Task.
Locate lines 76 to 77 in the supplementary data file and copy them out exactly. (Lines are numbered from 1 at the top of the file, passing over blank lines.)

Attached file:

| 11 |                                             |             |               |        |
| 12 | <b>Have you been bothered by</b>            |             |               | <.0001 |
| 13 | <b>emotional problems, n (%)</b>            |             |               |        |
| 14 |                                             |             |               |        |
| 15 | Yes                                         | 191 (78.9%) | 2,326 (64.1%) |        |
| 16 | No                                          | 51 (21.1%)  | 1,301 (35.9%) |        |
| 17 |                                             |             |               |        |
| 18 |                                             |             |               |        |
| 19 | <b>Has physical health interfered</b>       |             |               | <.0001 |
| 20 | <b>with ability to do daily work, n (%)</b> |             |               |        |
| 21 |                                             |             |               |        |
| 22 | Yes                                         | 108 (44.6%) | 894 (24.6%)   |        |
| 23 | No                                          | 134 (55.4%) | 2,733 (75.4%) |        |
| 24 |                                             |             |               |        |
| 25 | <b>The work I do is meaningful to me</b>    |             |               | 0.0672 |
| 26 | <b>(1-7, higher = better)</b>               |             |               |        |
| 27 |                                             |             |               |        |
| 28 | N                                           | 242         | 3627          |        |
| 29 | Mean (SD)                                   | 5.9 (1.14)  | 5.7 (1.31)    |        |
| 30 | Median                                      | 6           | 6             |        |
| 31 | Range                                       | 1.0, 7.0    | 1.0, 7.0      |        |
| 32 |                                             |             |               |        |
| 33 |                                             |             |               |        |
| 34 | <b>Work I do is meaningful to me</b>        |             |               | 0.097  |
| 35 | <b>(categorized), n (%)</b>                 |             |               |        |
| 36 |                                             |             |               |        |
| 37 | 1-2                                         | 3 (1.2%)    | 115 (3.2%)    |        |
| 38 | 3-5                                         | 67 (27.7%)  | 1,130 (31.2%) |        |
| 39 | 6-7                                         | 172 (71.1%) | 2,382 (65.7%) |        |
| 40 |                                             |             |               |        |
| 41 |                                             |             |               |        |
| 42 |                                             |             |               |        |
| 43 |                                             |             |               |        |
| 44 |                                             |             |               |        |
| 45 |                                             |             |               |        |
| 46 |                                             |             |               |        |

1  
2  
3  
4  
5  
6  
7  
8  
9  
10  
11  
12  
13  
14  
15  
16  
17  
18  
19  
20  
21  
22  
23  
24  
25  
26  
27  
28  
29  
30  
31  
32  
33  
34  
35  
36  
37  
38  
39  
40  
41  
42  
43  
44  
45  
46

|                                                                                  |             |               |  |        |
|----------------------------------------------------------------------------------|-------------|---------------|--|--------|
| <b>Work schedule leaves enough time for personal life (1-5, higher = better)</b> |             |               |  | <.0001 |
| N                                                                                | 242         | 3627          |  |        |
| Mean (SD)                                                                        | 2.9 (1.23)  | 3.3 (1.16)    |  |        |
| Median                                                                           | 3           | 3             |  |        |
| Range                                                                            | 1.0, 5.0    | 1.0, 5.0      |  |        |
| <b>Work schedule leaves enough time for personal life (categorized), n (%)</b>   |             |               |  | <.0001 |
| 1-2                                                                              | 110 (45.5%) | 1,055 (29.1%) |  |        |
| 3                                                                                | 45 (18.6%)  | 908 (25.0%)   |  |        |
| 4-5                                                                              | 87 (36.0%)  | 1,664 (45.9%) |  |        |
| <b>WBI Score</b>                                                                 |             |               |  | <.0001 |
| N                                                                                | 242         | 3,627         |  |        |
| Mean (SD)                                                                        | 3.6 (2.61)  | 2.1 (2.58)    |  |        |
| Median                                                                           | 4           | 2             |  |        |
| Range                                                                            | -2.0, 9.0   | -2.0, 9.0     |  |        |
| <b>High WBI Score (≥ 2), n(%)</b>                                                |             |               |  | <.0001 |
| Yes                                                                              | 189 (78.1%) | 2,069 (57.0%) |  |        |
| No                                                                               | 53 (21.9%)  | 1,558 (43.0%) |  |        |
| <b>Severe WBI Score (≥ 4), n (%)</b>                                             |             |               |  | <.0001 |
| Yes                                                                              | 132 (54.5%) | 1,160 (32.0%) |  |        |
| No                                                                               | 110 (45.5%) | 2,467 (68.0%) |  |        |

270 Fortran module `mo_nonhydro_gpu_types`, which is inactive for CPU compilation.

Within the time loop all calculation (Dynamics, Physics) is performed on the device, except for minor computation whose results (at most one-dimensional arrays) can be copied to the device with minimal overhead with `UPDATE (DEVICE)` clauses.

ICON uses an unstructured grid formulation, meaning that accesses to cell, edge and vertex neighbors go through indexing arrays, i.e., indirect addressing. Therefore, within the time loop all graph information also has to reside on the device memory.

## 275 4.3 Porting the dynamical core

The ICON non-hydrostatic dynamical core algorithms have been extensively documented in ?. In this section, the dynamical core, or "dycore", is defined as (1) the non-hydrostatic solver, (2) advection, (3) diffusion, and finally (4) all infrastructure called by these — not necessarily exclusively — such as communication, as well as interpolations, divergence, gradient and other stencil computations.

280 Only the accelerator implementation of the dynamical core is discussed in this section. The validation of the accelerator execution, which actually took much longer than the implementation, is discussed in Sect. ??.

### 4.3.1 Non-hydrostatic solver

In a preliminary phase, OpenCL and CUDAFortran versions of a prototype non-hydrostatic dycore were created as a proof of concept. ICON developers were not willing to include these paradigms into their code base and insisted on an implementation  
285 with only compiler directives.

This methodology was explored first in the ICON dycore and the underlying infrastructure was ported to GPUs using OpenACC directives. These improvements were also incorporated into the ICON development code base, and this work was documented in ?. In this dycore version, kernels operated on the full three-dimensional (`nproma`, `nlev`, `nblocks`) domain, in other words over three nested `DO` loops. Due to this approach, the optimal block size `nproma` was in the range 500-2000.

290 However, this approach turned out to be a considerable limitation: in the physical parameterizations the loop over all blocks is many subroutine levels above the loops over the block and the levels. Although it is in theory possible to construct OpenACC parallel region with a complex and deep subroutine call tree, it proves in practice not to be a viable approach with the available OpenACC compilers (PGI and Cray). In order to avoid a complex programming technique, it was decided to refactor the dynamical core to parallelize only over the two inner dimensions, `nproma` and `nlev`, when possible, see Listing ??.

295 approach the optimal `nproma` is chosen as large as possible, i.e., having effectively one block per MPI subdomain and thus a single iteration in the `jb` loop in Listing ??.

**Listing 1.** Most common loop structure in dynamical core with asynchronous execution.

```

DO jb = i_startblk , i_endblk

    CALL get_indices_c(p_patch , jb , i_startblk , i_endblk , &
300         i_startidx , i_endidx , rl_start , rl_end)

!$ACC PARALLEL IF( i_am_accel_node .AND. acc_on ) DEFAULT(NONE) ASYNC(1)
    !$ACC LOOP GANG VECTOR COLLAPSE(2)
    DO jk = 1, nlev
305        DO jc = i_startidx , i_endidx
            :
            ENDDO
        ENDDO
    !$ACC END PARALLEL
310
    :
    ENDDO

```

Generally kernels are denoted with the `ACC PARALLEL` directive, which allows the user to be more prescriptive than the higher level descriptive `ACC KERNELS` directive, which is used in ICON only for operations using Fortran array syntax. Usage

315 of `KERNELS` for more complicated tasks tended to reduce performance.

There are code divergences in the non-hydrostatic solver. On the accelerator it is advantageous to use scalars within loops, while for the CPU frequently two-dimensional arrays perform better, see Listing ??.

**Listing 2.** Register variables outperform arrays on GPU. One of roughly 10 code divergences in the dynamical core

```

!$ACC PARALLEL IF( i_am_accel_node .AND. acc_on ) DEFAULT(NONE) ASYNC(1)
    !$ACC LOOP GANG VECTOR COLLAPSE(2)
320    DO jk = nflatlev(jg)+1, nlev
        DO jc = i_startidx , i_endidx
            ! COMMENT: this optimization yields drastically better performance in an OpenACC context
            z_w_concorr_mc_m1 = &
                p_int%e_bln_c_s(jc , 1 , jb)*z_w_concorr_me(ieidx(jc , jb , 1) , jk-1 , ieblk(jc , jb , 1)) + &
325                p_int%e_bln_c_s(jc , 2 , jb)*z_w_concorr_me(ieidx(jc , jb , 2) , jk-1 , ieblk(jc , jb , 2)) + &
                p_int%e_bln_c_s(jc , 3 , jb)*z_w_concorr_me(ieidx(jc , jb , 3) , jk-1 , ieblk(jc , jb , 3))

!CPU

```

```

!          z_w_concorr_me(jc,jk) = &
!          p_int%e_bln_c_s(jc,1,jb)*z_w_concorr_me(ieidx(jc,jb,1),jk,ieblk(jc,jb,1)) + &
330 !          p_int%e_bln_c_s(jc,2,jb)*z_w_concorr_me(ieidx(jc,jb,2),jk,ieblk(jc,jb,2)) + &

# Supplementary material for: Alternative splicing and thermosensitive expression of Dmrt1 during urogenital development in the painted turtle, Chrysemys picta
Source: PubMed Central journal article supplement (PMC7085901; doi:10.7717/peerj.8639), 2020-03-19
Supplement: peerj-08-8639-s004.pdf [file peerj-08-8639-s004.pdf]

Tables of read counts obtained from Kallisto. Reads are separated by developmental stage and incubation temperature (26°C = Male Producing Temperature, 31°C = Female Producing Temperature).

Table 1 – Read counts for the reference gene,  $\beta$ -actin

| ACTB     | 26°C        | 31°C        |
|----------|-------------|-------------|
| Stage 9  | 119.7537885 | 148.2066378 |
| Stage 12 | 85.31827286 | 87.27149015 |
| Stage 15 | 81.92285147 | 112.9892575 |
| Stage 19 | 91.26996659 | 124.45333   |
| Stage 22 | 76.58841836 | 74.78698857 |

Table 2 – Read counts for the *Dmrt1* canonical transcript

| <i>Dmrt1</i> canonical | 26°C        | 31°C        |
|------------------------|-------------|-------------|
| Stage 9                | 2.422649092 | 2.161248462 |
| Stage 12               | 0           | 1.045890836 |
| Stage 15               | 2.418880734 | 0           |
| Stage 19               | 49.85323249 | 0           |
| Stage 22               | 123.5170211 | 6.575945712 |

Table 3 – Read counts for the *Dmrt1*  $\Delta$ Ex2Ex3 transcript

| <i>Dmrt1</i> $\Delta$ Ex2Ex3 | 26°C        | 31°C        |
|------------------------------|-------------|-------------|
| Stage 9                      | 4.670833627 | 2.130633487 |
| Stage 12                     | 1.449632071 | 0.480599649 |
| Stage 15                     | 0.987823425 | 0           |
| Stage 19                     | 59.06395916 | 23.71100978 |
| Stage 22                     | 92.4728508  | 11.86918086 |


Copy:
40  
41  